13 things I learnt moving from Agile Coaching into Product Management

“Employees at Spotify rarely work the same job for more than 2 years — and the CEO says that’s on purpose”

Switching careers is nothing new and at companies like Spotify it is actively encouraged. Unsurprisingly, the key is finding a new role in which you already have at least some of the skills required, then quickly learning those ones you don’t.

Last year I did exactly that: moving from Agile Coaching (AC) into Product Management (PM) and I thought I would share a few learnings from my experience so far.

I’ve talked plenty about the intersection of the two roles in previous blogs, so will do my best to avoid going over old ground and to focus on the things I discovered moving into the PM role.

1) You are accountable for everything

I like teams where everyone holds themselves collectively responsible for building great products, but at some point as the PM you will be asked: “Who in your team is responsible for the delivery of <insert thing being built here>?” and you will need to respond.

If like me you want to say: “we all are”, you’re going to get an annoyed look and likely a follow up question along the lines of: “but who exactly?”. At this point the best response I have found is this: “I am ultimately accountable for reporting on the progress of everything being worked on in my team and we are all responsible for getting it done”.

If you don’t shield your team from these kind of questions, you might have problems down the line when members of your team are contacts directly by stakeholders.

For more on this, I suggest reading this excellent piece on accountability vs responsibility.

2) Alignment (and coffee) is everything

Product Managers are often asked to work “ahead of the team.” While this concept made sense to me before taking the job, it really struck home once in it. My week now needs to contain multiple quick syncs with other people across the company (mostly PMs). If I don’t make time for these “coffees,” there is a good chance my team will build something that will be irrelevant before we even ship it.

3) Big teams create more work for the PM

This seems so obvious as I write it now, but it took me by surprise when I first took on the PM role. As an AC I was a big fan of larger teams (≈12) as they are able to own their own destiny by having all the skills needed to get things done. I didn’t realize, however, the impact this had on the PM and their time, or lack thereof. The size of your team is directly proportional to the number of hours you will need to work each day as a PM; even if you work “smarter not harder” or “[insert other generic phrase that people say which doesn’t help]”.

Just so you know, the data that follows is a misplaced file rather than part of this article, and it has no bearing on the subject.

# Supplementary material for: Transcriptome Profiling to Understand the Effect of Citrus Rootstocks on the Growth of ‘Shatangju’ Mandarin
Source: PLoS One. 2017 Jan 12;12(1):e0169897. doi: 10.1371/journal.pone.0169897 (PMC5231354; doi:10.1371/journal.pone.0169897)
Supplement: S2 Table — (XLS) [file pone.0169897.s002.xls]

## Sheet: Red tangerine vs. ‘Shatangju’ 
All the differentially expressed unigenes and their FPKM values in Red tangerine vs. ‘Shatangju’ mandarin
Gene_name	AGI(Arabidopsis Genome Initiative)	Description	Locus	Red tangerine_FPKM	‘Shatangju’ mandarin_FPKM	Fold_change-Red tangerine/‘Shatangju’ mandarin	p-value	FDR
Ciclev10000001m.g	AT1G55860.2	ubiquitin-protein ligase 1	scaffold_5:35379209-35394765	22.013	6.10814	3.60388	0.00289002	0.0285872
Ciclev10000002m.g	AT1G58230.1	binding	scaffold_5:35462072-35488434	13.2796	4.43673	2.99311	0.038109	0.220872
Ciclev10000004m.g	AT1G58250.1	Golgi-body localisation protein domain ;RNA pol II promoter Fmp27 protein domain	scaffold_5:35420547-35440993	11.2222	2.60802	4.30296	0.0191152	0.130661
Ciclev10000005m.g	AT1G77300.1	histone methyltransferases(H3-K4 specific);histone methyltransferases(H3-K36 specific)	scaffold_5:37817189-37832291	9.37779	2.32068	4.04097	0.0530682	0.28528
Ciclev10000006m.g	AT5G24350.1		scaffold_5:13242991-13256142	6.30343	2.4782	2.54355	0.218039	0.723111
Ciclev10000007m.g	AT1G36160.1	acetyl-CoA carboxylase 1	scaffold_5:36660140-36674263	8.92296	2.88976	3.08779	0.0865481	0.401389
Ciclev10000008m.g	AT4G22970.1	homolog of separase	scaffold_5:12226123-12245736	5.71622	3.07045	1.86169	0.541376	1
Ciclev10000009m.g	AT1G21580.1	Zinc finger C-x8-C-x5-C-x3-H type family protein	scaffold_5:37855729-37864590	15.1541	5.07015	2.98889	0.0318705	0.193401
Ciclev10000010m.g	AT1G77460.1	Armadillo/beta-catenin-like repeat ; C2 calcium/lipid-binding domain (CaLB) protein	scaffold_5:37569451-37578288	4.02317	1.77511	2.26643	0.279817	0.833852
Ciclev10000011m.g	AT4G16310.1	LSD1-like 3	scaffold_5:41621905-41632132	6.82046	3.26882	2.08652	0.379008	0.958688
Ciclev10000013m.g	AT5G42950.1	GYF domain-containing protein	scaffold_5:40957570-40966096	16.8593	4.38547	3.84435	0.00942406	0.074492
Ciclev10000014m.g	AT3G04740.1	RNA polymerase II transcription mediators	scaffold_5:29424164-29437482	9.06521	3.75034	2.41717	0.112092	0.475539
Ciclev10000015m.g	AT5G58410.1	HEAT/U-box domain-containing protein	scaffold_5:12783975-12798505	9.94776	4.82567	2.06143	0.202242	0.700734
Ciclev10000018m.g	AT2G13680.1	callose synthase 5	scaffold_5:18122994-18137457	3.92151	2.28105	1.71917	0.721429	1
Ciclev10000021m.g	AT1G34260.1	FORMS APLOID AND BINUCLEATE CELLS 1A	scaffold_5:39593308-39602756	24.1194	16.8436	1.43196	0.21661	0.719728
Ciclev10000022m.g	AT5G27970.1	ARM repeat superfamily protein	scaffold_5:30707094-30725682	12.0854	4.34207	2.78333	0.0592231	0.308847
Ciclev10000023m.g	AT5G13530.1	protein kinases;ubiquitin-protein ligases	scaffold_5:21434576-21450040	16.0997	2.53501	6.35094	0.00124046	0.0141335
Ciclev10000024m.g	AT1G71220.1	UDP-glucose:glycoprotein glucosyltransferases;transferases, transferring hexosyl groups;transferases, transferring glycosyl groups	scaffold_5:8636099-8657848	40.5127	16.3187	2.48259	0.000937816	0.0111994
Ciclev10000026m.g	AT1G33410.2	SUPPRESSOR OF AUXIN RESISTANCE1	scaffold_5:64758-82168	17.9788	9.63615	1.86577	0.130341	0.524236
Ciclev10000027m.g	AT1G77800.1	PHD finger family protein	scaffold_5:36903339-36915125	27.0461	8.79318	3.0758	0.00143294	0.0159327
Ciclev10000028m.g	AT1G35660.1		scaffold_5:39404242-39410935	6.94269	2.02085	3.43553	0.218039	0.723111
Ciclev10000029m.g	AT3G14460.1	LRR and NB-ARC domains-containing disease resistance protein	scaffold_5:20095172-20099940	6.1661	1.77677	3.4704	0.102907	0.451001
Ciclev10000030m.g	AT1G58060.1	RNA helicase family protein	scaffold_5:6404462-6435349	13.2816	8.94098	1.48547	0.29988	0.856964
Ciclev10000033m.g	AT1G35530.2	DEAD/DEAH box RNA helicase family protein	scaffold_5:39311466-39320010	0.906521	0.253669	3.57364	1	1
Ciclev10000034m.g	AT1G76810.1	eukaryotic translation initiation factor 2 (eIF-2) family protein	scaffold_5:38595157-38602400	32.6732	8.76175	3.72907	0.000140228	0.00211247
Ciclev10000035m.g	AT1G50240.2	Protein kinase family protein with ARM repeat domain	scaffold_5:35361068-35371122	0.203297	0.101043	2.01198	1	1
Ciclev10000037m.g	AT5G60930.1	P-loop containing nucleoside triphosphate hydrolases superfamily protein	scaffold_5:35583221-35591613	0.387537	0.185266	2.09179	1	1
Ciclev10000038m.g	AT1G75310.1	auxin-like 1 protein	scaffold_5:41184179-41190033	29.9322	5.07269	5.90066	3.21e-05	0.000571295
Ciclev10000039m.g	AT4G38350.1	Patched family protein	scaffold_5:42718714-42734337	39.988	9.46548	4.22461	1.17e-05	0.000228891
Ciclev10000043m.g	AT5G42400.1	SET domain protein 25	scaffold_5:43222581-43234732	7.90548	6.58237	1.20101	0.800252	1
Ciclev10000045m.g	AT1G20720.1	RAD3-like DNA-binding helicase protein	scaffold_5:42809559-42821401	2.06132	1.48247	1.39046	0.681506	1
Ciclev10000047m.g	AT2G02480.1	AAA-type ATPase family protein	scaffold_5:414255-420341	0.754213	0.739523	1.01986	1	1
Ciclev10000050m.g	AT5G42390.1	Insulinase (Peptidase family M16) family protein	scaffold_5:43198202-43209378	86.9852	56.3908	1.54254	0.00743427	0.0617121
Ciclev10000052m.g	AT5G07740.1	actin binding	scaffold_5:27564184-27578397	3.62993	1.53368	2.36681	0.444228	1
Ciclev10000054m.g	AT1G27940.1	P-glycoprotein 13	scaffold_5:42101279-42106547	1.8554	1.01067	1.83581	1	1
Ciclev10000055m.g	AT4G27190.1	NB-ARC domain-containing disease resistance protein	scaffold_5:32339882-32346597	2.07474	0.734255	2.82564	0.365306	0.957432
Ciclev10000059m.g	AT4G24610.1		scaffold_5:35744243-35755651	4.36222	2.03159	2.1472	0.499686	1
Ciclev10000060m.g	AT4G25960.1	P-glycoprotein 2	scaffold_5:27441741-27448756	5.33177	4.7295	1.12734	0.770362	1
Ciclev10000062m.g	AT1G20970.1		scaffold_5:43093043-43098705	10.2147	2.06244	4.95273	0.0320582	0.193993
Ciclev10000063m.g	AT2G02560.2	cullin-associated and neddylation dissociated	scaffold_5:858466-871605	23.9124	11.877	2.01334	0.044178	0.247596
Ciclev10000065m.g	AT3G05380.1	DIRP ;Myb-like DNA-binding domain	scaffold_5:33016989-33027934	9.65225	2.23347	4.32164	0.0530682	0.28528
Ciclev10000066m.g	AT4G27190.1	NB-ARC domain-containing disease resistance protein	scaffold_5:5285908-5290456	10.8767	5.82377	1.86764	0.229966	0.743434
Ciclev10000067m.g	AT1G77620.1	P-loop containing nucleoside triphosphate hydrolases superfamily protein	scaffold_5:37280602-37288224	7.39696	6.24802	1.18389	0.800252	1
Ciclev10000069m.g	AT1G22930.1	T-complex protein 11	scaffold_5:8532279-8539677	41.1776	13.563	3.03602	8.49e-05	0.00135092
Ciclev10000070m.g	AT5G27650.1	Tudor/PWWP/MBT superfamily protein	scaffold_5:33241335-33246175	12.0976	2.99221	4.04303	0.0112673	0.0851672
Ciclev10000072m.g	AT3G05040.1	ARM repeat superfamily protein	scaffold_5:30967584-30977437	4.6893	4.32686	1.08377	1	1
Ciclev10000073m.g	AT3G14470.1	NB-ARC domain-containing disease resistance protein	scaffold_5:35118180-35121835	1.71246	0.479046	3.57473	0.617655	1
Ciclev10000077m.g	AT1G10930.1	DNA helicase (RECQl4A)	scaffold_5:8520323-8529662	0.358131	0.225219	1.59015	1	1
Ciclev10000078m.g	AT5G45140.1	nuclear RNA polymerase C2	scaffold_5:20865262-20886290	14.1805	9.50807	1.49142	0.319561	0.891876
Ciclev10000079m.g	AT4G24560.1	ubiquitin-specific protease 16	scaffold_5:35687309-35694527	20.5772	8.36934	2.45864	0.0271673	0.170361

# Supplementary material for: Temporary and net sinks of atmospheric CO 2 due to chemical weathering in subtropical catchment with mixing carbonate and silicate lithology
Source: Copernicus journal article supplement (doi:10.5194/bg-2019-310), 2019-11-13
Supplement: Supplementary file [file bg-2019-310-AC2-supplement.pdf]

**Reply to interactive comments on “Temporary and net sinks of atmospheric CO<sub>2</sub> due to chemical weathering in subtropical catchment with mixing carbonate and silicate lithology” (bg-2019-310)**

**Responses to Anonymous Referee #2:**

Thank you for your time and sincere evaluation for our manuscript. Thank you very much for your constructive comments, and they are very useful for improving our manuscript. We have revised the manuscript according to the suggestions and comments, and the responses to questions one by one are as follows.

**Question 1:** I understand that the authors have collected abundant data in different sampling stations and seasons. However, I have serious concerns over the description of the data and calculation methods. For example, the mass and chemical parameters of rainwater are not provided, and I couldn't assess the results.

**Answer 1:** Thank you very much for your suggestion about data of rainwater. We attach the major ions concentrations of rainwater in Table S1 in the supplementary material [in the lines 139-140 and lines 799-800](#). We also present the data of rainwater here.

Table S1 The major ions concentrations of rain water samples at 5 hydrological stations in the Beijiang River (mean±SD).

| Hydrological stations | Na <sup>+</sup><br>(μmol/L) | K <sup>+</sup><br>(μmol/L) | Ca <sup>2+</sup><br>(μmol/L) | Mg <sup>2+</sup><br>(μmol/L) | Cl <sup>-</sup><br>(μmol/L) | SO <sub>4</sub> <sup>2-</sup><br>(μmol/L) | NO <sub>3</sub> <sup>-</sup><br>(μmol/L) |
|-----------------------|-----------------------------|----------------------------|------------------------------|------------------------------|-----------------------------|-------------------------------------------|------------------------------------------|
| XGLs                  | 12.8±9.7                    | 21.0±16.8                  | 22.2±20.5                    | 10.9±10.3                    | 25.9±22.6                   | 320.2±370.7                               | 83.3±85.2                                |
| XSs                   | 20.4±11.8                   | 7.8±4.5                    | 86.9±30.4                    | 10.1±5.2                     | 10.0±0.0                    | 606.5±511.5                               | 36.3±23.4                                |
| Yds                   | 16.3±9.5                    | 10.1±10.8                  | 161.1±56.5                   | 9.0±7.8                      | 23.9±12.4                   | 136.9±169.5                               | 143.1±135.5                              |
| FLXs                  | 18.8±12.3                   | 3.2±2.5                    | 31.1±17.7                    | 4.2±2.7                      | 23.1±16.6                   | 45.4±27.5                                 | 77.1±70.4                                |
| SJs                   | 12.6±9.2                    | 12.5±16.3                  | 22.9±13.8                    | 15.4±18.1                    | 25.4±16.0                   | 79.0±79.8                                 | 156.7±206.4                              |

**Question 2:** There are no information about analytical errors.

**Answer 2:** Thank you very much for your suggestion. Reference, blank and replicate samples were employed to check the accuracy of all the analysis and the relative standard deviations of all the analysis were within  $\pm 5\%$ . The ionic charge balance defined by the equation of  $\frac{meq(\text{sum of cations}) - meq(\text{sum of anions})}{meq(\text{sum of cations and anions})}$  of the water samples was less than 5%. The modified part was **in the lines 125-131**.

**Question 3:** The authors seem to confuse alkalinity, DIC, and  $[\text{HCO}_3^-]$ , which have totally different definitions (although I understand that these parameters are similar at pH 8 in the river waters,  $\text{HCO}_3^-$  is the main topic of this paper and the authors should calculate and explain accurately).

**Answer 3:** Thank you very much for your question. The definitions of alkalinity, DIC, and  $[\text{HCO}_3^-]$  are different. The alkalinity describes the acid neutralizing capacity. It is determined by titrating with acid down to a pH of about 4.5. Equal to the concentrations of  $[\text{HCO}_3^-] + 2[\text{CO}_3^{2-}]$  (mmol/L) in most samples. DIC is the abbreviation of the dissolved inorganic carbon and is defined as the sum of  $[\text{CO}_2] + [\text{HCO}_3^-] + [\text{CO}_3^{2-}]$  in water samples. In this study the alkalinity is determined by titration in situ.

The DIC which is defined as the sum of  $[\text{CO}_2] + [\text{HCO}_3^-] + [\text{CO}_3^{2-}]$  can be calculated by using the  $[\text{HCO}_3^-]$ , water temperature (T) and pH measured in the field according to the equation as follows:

This doesn’t necessarily change my opinion on the best team size and I believe with delegation you can lessen this impact. But it does allow me to be a lot more sympathetic to those PMs who are running multiple workstreams within their larger teams.

4) Know what you’re being measured on

I am being measured on two things: team health and shipping products that move metrics. Team health came naturally to be through my time in Agile Coaching. Moving metrics, however, was completely new.

First things first: make sure your metrics are correct, as there is a good chance they are not. Secondly, make sure everyone in your team is in agreement on what metric the thing you’re building is trying to move before you start building it.

5) Publicly credit the team at every opportunity

Giving credit to those you work with is something all leaders should do. It builds trust and empowers the team. PMs are often the public face of the team, so when you’re asked to speak about the work of your team: whether it be on a stage, in a presentation or externally; make sure to give credit to those who actually did the work. Being a PM puts you in the spotlight and that power can go to your head, but you shouldn’t delude yourself about who is doing the hard work!

Even better than giving credit to your team is persuading them to present the work themselves!

6) Books might not be the answer

One of the first things I did when switching roles was ask other PMs what books I should read. This had been an invaluable source of learning when I took up Agile Coaching and I was hoping for a similar boost. However it turned out the tools and techniques advised in these books were exactly the same ones I had learnt before; albeit with a slightly poorer understanding of what Agile actually is.